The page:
That, and he is a pretty sweet finger picker. He has those long-ass fingernails that serve as picks, and one of them apparently had come off, prompting him to contact the No Depression people on his way into town to request superglue, sewing needles and guitar strings.

Jessie Sykes

I am not exactly sure what I was doing while she was playing. I had gotten a couple of her CDs from the Seattle Library a few weeks prior, and I was interested in her music live. I think it was good; I was either socializing or playing with my kids. Sorry, Jessie, catch you another time.

Patterson Hood

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One of the guys from the Drive-By Truckers is out doing his own thing now. Actually, a lot of the guys from DBT are out doing their own thing now. They are all pretty great songwriters, and anyone that listens to DBT can hear the different sounds coming out of them. Patterson Hood is the crazy storyteller one.

He rocked a little more than anyone else of the day, which I certainly appreciated. Like the work that he does with DBT, the songs were fun journeys into his life, mixing country and rock fairly seamlessly.

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Sam Beam is an interesting guitar player and songwriter. His understated, whispery and oddly melodic vocals come at you fast, at times almost like a rapper. What’s amazing is that people find themselves dancing to the rhythms of one guy singing with his acoustic guitar. He has an album that he worked on with a band (2007’s The Shepherd’s Dog), but live he tours solo most of the time.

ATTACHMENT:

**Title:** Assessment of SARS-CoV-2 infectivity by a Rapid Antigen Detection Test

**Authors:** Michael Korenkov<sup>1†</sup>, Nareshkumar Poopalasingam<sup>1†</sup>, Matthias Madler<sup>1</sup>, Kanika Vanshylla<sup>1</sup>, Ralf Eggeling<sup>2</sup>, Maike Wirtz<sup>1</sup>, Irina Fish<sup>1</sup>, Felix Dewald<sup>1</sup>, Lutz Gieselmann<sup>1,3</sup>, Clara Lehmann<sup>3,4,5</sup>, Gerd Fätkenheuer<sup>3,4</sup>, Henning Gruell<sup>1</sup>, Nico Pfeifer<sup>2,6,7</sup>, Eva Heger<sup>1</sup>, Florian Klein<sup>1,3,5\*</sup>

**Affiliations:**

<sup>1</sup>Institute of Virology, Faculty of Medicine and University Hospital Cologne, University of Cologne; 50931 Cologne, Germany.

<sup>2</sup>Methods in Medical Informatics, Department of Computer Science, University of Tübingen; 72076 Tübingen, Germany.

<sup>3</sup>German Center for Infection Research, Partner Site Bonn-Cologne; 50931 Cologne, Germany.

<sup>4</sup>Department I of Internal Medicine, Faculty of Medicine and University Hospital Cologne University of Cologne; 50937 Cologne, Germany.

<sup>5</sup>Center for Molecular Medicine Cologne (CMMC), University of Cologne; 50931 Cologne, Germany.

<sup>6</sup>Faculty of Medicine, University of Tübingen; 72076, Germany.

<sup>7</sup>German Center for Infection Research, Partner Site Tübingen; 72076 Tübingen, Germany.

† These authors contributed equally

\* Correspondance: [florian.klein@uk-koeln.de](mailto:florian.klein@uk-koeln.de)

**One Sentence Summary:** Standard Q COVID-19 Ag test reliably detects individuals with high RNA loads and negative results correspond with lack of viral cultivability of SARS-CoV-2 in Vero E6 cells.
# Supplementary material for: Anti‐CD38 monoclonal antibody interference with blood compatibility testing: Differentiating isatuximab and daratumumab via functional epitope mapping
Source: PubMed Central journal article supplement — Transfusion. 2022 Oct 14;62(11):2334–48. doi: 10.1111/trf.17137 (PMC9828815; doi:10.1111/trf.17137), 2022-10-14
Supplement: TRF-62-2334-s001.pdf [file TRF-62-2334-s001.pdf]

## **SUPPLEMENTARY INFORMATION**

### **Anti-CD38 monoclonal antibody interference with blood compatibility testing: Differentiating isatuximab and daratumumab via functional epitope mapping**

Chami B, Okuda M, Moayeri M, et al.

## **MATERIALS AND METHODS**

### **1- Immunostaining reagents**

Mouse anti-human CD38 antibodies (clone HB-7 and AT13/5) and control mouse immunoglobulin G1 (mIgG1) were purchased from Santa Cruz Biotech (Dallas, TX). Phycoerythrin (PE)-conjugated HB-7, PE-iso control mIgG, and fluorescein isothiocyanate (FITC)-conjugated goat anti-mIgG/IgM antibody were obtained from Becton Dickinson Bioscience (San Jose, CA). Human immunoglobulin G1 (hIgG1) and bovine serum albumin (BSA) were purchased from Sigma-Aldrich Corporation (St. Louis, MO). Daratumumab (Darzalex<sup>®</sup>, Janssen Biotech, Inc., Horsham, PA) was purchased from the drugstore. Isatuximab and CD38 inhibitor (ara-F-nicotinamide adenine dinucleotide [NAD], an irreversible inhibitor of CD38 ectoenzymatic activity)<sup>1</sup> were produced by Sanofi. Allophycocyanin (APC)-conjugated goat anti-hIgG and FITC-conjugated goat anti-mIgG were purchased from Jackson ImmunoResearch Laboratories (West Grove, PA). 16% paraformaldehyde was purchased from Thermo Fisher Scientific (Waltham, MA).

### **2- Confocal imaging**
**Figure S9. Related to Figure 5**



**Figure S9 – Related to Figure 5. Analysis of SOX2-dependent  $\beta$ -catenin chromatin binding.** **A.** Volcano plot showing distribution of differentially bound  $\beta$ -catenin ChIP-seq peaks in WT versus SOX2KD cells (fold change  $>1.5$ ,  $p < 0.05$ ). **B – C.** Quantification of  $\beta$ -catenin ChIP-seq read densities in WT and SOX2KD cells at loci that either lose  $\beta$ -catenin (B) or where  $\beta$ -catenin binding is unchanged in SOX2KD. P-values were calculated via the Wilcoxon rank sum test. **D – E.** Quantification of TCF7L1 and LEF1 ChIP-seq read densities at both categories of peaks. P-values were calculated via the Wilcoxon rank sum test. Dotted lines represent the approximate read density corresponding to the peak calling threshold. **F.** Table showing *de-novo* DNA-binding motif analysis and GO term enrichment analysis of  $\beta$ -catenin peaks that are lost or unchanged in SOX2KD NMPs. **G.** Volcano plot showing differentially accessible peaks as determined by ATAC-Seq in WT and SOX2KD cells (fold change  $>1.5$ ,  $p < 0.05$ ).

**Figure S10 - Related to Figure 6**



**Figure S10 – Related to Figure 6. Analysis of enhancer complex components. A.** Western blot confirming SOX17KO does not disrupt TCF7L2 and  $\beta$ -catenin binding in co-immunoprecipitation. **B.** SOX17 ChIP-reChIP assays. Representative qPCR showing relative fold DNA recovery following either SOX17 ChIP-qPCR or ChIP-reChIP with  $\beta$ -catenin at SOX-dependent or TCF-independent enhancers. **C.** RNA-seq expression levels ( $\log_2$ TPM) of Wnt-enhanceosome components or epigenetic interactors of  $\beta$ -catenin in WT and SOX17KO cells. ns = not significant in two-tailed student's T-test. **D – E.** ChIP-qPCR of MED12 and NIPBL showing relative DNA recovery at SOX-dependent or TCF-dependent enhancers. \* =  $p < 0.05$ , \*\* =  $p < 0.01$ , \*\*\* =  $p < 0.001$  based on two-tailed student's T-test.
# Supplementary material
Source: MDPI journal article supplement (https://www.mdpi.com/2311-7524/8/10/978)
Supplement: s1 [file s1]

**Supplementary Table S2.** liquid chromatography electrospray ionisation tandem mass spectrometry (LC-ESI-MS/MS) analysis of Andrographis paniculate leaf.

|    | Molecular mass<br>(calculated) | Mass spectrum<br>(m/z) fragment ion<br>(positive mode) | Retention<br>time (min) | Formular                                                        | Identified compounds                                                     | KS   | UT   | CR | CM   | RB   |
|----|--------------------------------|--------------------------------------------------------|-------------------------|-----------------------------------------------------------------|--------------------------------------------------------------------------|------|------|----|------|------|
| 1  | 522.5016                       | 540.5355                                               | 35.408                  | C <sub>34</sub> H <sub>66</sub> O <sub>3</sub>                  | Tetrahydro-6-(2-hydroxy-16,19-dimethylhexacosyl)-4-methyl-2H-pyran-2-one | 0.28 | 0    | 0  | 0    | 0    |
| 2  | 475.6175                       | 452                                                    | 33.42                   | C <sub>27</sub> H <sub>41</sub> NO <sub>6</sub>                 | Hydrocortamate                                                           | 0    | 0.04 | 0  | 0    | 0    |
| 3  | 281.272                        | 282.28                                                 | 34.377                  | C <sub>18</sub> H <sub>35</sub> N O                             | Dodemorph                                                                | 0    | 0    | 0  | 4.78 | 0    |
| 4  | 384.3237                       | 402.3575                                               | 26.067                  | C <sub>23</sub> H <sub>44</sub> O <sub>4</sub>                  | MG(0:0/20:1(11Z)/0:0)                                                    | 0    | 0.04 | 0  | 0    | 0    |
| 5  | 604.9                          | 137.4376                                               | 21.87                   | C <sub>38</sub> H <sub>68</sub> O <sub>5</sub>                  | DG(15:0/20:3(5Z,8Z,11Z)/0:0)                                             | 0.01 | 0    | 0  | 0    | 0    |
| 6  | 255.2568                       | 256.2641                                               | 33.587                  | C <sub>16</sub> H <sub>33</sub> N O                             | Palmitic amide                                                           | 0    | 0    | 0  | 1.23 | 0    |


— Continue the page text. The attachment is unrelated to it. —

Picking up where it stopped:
Beam’s songs are generally long stories, so it is understandable that he will occasionally forget the lyrics. A lot of his songs vary only slightly in chord structure, too, so it is understandable that he sometimes also forgets how that works. However, those that would note that and pick on it are snobbish jerkyfaces. The only reason that I noticed this was that he kept stopping and talking about it. Just keep playing, buddy!

The crowd was intensely quiet, so much so that you could hear the coughs and the rustling of paper. So much so that if one had a three-year-old, one might feel a little guilty about her talking. But that three-year-old could be forgiven when she says, "Mommy, this song is from my nigh’ nigh’ CD. It makes me feel happy."

Snapshot of the Day

I Can Still Feel the Dead Thing on My Foot

Our one-year-old son, Riley, was enjoying himself by running around the large open space near the back of the dance floor. He is at the stage where he likes to grab pretty much everything. He doesn’t put everything in his mouth, but he does still sample things occasionally.